Maybe you live in a big city and land available is scarce, or you reside in a condominium or apartment and the only thing available to you is a patio. Either way, there are some great solutions to help you through this. You can be growing your own fresh veggies in no time.
I recently spoke with Tracy Godsey who runs the small container blog Eden’s Container. Tracy started her small space vegetable gardening adventures when growing fruits, vegetables and herbs in containers is all she could do with her limited apartment space, which consisted mainly of a balcony.
“I currently grow herbs on my patio including basil, parsley oregano, thyme, mint and chives. The basil and parsley are the only plants that won't overwinter in my containers outdoors.”, says Tracy. “In a vegetable garden, full-sized plants can grow in any pot that holds 3-5 gallons of soil. Large plants like tomatoes need 5 gallons, while plants with shallow roots like lettuce can get by in a 3 gallon pot. Even smaller plants like radishes can grow well in trays and produce a harvest very quickly. If you don't have a container handy, you can make one by filling a plastic tube (such as a garbage bag or bread wrapper) with potting soil. These types of tubes are known as grow bags.”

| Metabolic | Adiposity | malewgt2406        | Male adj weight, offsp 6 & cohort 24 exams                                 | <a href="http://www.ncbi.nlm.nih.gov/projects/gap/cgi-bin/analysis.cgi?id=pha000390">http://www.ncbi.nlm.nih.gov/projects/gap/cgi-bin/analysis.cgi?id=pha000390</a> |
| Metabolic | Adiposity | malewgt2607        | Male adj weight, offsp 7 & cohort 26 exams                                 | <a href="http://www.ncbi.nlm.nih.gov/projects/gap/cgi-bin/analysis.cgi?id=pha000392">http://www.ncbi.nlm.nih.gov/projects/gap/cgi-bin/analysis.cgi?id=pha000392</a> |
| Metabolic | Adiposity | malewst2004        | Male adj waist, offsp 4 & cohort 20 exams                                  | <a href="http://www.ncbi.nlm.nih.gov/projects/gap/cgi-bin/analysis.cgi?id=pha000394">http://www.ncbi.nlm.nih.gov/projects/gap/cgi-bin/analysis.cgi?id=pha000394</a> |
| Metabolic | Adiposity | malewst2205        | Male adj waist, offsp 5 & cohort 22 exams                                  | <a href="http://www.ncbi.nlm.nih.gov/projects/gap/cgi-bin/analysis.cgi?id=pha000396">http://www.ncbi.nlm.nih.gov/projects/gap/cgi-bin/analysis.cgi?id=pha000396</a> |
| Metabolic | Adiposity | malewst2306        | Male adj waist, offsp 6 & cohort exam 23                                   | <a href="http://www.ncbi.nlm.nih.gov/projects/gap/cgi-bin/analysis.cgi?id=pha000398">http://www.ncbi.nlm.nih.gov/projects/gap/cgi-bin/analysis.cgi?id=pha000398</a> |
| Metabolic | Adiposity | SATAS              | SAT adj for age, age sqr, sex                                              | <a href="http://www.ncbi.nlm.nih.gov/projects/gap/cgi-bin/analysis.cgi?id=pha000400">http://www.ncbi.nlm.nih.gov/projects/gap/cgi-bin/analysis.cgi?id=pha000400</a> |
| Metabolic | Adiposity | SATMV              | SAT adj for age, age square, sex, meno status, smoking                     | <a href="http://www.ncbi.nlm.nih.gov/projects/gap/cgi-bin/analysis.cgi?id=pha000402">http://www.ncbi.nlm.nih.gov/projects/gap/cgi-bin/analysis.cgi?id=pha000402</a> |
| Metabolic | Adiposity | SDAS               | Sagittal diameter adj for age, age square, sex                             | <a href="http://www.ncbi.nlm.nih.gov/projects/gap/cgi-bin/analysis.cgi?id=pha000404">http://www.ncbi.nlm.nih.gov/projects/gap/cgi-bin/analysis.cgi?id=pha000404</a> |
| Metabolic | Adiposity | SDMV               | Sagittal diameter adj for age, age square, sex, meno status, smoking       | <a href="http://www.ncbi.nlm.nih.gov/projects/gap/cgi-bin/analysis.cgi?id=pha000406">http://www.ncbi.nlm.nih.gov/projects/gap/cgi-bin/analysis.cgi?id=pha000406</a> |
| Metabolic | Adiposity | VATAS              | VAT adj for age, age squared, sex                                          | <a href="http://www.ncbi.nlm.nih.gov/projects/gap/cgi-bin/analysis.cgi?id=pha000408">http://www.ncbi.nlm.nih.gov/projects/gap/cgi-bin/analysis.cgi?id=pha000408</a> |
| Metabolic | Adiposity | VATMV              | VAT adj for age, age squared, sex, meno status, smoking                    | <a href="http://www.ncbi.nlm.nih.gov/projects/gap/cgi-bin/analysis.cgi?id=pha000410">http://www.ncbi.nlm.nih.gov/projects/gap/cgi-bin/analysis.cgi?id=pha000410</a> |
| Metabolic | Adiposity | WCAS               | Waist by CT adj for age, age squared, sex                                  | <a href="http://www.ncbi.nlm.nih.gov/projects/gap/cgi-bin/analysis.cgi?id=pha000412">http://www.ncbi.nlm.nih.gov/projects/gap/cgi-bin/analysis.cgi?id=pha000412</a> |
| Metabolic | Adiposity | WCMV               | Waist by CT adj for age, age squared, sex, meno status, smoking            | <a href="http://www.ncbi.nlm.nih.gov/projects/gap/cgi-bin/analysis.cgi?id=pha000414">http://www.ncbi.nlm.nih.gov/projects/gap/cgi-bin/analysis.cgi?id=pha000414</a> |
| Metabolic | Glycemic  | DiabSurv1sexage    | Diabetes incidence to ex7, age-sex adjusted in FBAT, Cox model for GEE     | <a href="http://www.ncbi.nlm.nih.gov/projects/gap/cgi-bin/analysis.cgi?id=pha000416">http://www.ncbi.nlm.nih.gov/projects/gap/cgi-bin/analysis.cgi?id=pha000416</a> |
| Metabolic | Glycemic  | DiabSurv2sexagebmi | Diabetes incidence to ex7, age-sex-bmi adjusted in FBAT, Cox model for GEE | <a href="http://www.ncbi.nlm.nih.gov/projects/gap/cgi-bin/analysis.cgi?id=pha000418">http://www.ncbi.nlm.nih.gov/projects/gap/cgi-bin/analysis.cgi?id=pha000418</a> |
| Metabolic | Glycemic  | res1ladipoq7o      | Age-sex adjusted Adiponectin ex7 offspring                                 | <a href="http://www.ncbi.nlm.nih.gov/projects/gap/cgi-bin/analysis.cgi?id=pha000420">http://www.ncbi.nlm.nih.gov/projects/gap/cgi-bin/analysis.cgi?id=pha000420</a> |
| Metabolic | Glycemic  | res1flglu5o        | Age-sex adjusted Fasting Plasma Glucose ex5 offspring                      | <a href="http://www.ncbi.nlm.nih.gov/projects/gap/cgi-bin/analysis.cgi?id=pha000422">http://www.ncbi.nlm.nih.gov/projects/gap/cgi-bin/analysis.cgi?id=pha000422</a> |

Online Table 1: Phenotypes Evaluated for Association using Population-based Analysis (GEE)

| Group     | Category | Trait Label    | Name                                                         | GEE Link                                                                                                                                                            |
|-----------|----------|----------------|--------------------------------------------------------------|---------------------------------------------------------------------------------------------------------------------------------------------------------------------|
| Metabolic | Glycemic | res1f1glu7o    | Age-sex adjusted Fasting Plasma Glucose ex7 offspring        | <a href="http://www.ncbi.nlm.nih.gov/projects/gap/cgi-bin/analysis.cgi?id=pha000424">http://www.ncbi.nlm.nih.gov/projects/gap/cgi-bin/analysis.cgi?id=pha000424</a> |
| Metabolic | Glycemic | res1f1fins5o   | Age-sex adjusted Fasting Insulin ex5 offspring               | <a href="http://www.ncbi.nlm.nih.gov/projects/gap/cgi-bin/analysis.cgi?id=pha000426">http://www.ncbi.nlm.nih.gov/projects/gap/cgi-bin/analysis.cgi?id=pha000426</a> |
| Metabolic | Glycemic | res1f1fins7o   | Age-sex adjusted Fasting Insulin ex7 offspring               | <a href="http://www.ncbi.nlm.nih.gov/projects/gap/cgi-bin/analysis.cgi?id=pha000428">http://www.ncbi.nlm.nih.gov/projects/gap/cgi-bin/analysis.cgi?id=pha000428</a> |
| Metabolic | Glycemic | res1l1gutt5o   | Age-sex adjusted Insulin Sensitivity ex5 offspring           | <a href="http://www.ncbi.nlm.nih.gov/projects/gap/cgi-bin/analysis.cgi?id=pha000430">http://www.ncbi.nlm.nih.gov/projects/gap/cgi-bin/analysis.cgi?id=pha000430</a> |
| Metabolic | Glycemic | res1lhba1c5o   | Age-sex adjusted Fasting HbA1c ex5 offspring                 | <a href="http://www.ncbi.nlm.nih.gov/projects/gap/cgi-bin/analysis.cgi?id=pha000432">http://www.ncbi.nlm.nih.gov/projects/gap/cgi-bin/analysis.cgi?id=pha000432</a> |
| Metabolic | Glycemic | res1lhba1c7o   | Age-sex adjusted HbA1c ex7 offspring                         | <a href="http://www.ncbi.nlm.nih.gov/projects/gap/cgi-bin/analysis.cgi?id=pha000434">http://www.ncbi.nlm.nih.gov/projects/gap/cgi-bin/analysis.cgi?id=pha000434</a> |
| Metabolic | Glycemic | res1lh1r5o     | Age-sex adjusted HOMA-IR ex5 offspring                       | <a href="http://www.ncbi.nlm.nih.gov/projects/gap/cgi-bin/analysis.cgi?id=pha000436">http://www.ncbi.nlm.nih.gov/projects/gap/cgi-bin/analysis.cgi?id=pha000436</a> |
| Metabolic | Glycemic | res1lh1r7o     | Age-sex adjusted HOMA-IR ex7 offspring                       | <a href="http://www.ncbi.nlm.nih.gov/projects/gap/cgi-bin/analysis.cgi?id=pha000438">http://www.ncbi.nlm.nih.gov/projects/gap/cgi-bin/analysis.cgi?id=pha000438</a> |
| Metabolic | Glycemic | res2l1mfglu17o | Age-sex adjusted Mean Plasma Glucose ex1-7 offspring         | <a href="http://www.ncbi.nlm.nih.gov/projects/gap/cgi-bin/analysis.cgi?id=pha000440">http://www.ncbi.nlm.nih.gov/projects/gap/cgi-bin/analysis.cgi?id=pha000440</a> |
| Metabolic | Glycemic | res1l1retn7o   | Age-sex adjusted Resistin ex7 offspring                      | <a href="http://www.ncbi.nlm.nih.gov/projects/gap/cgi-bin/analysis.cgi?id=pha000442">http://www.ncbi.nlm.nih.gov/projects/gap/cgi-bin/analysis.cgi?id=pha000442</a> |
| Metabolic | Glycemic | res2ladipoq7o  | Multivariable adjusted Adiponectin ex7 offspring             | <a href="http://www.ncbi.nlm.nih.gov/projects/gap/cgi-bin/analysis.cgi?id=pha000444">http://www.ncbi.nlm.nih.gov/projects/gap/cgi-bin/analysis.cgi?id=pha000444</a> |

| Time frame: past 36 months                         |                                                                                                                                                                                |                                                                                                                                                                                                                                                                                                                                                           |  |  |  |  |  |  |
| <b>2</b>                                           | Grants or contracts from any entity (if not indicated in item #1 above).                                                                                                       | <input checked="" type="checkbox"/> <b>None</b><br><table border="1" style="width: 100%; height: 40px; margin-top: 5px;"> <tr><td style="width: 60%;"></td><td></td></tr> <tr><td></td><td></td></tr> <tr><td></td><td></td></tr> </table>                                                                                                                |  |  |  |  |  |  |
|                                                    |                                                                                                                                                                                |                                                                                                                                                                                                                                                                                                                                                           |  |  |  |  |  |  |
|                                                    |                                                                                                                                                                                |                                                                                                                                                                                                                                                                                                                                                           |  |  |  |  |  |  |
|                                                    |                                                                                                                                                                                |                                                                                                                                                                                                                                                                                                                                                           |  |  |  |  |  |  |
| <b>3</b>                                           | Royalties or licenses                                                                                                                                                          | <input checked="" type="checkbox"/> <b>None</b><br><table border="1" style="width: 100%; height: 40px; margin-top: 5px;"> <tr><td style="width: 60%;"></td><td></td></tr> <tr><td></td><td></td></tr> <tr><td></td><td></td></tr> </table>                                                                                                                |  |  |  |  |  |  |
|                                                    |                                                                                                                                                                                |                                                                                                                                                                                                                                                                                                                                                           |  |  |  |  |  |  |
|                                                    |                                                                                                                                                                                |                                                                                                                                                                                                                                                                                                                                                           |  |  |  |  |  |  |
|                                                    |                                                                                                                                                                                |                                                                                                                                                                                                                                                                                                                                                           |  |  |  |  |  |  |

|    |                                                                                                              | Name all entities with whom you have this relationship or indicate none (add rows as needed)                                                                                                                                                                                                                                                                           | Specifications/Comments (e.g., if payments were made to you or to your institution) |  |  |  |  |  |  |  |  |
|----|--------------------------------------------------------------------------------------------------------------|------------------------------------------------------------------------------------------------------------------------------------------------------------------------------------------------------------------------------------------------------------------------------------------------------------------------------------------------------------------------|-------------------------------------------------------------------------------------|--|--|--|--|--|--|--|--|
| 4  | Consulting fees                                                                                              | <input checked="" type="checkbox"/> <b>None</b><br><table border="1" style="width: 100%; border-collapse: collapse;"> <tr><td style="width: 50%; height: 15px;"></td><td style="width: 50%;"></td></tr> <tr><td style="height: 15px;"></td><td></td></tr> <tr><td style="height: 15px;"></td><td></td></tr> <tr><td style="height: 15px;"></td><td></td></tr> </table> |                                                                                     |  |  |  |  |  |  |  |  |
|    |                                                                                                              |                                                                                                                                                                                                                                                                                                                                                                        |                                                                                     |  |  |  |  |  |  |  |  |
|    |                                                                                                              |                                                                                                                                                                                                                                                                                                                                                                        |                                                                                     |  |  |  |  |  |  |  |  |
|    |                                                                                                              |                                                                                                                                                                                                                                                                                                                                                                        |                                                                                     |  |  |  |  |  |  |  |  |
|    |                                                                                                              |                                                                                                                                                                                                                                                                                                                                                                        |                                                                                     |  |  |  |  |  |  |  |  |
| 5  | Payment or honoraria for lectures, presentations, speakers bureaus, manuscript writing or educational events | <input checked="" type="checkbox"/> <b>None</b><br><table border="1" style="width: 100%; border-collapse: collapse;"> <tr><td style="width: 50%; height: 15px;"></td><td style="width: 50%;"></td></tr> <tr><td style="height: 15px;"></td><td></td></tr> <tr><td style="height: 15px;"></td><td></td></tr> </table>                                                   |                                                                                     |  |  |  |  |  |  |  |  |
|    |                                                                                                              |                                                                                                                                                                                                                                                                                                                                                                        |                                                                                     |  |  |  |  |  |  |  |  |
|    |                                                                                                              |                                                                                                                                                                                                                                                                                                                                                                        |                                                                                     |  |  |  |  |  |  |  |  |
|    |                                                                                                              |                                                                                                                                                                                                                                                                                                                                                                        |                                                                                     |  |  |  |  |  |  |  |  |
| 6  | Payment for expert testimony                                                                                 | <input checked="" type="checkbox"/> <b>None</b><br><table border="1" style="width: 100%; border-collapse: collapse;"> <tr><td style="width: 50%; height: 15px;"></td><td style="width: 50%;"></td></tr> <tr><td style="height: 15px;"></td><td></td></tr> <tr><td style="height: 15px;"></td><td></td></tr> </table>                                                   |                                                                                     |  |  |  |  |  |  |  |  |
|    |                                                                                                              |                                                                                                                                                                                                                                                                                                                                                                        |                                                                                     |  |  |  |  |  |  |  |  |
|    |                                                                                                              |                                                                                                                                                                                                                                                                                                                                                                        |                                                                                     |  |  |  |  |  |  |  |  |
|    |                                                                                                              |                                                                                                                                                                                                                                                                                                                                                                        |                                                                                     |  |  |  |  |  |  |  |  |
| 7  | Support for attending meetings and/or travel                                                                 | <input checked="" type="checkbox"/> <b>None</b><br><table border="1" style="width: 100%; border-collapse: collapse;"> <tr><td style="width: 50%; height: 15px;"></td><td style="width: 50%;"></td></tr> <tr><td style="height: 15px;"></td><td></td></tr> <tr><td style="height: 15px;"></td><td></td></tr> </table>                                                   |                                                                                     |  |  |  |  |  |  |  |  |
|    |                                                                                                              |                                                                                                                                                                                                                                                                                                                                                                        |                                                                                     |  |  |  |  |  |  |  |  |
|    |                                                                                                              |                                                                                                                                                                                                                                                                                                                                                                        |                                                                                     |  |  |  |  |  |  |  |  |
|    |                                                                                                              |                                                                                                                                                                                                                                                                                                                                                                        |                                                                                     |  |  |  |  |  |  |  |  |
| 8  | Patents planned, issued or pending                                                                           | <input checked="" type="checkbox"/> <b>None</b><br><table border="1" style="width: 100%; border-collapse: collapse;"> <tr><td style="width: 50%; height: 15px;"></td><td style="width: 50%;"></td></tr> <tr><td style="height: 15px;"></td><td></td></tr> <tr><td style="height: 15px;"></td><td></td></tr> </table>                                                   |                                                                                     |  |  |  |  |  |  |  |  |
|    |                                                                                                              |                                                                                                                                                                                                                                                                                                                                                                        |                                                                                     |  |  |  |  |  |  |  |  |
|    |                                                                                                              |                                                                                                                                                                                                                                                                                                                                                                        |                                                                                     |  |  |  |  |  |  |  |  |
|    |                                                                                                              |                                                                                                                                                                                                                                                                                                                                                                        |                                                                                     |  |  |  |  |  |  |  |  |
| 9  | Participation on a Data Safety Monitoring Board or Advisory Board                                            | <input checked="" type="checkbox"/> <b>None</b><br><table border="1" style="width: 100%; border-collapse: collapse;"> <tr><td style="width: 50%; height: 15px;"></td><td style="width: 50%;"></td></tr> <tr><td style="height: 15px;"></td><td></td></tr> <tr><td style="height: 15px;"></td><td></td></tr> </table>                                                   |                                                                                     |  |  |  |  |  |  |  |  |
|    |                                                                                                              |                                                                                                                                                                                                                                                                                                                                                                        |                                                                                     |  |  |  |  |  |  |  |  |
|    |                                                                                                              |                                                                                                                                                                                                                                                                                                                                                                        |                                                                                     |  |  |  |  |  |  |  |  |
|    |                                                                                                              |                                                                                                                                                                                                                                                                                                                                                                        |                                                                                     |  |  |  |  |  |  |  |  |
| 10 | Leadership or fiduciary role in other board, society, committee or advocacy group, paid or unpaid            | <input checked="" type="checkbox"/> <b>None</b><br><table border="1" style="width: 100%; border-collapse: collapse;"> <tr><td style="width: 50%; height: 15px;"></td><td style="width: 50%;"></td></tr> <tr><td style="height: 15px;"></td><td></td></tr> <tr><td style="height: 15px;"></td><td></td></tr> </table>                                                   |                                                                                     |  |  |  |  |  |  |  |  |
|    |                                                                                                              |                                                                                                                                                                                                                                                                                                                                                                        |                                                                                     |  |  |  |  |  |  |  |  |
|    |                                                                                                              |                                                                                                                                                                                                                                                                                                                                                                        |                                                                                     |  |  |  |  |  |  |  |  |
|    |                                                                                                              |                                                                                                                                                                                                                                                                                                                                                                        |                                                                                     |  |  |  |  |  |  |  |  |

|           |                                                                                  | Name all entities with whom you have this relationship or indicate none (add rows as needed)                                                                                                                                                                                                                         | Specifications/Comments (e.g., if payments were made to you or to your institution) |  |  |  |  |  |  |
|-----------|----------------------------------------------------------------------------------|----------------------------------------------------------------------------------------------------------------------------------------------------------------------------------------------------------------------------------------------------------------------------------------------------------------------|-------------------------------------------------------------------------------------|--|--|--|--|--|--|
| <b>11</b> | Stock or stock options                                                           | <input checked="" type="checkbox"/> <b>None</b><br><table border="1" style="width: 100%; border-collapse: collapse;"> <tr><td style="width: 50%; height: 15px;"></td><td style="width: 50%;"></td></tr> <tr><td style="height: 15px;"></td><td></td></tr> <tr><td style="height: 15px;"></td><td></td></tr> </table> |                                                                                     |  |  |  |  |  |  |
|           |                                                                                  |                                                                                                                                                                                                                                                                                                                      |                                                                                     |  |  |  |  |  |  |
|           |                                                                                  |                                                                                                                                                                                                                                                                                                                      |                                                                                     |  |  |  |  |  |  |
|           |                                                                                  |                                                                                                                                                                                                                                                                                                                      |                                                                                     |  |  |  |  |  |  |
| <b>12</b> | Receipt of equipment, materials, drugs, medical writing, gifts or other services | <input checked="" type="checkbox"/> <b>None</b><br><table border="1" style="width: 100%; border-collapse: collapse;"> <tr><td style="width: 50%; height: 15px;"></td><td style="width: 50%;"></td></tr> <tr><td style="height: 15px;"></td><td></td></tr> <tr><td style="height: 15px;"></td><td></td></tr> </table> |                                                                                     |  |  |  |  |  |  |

Tracy reminded me of a very important factor that I had not thought about and that was the weight of what you are growing. If you are on a second floor balcony where weight will be an issue, Tracy recommends, selecting smaller heirloom varieties and grow them in hanging baskets.
Just because you are limited on space does not mean you are limited on what you can grow. Remember to select fruits, vegetables and herbs that you and your family will consume. Since space is a premium you do not want to waste any with items that will get discarded. Be careful not to over water your items in containers and make sure your containers have adequate drainage holes. To protect from the loss of dirt through those drainage holes use coffee filters at the bottom or paper towels. Both options allow water to pass through but not dirt.
On a final note, “never put ordinary dirt in containers, only potting soil,” says Tracy. “You will have much better success since the soil is already formulated for growing plants in pots.”
Now it’s your turn to roll your sleeves up, get some containers, fill them with potting soil and plant the seeds of your favorite fruits, veggies and herbs. Don’t let space, or in this case, the lack thereof, prohibit you from eating fresh from the garden.
About the Author
Mike Podlesny is the author of Vegetable Gardening for the Average Person: A Guide to Vegetable Gardening for the rest of us, the moderator for the largest vegetable gardening page on Facebook and creator of the monthly Seeds Club.
|Watch the video below to learn more about Mike`s Seeds of the Month Club:|